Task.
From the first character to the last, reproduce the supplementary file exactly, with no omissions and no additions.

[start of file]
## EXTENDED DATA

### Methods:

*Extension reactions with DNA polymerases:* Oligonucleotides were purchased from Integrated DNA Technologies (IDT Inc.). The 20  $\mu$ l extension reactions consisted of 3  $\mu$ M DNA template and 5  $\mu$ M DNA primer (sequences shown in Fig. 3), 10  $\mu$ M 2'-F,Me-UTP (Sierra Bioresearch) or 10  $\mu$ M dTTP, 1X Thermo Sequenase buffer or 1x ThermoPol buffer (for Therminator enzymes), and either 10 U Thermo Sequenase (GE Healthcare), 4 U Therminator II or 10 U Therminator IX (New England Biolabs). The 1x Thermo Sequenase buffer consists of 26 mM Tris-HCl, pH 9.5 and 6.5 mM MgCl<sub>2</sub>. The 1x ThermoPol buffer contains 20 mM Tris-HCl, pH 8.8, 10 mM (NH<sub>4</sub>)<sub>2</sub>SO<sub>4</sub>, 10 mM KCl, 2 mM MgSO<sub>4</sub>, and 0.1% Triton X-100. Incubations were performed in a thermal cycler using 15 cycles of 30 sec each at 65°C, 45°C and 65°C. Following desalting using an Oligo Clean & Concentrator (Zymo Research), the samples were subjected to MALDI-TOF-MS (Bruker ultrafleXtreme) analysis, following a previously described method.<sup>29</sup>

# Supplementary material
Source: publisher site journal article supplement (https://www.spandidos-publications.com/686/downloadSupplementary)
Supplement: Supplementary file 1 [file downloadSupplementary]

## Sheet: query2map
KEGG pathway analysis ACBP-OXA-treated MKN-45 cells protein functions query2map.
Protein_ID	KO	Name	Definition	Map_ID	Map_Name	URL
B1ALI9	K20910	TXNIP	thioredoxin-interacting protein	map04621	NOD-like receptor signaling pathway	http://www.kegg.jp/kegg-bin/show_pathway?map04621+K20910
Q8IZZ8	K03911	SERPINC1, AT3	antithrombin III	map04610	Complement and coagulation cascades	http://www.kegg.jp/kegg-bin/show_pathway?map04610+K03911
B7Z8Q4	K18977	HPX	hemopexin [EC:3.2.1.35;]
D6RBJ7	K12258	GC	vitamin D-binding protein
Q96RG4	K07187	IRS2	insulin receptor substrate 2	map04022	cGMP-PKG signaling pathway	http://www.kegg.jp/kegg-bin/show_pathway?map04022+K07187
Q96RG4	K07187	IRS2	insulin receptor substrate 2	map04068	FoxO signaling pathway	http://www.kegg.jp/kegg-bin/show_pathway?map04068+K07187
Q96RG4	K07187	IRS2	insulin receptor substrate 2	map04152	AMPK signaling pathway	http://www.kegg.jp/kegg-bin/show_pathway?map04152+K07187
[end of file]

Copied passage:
## EXTENDED DATA

### Methods:

*Extension reactions with DNA polymerases:* Oligonucleotides were purchased from Integrated DNA Technologies (IDT Inc.). The 20  $\mu$ l extension reactions consisted of 3  $\mu$ M DNA template and 5  $\mu$ M DNA primer (sequences shown in Fig. 3), 10  $\mu$ M 2'-F,Me-UTP (Sierra Bioresearch) or 10  $\mu$ M dTTP, 1X Thermo Sequenase buffer or 1x ThermoPol buffer (for Therminator enzymes), and either 10 U Thermo Sequenase (GE Healthcare), 4 U Therminator II or 10 U Therminator IX (New England Biolabs). The 1x Thermo Sequenase buffer consists of 26 mM Tris-HCl, pH 9.5 and 6.5 mM MgCl<sub>2</sub>. The 1x ThermoPol buffer contains 20 mM Tris-HCl, pH 8.8, 10 mM (NH<sub>4</sub>)<sub>2</sub>SO<sub>4</sub>, 10 mM KCl, 2 mM MgSO<sub>4</sub>, and 0.1% Triton X-100. Incubations were performed in a thermal cycler using 15 cycles of 30 sec each at 65°C, 45°C and 65°C. Following desalting using an Oligo Clean & Concentrator (Zymo Research), the samples were subjected to MALDI-TOF-MS (Bruker ultrafleXtreme) analysis, following a previously described method.<sup>29</sup>

# Supplementary material
Source: publisher site journal article supplement (https://www.spandidos-publications.com/686/downloadSupplementary)
Supplement: Supplementary file 1 [file downloadSupplementary]

## Sheet: query2map
KEGG pathway analysis ACBP-OXA-treated MKN-45 cells protein functions query2map.
Protein_ID	KO	Name	Definition	Map_ID	Map_Name	URL
B1ALI9	K20910	TXNIP	thioredoxin-interacting protein	map04621	NOD-like receptor signaling pathway	http://www.kegg.jp/kegg-bin/show_pathway?map04621+K20910
Q8IZZ8	K03911	SERPINC1, AT3	antithrombin III	map04610	Complement and coagulation cascades	http://www.kegg.jp/kegg-bin/show_pathway?map04610+K03911
B7Z8Q4	K18977	HPX	hemopexin [EC:3.2.1.35;]
D6RBJ7	K12258	GC	vitamin D-binding protein
Q96RG4	K07187	IRS2	insulin receptor substrate 2	map04022	cGMP-PKG signaling pathway	http://www.kegg.jp/kegg-bin/show_pathway?map04022+K07187
Q96RG4	K07187	IRS2	insulin receptor substrate 2	map04068	FoxO signaling pathway	http://www.kegg.jp/kegg-bin/show_pathway?map04068+K07187
Q96RG4	K07187	IRS2	insulin receptor substrate 2	map04152	AMPK signaling pathway	http://www.kegg.jp/kegg-bin/show_pathway?map04152+K07187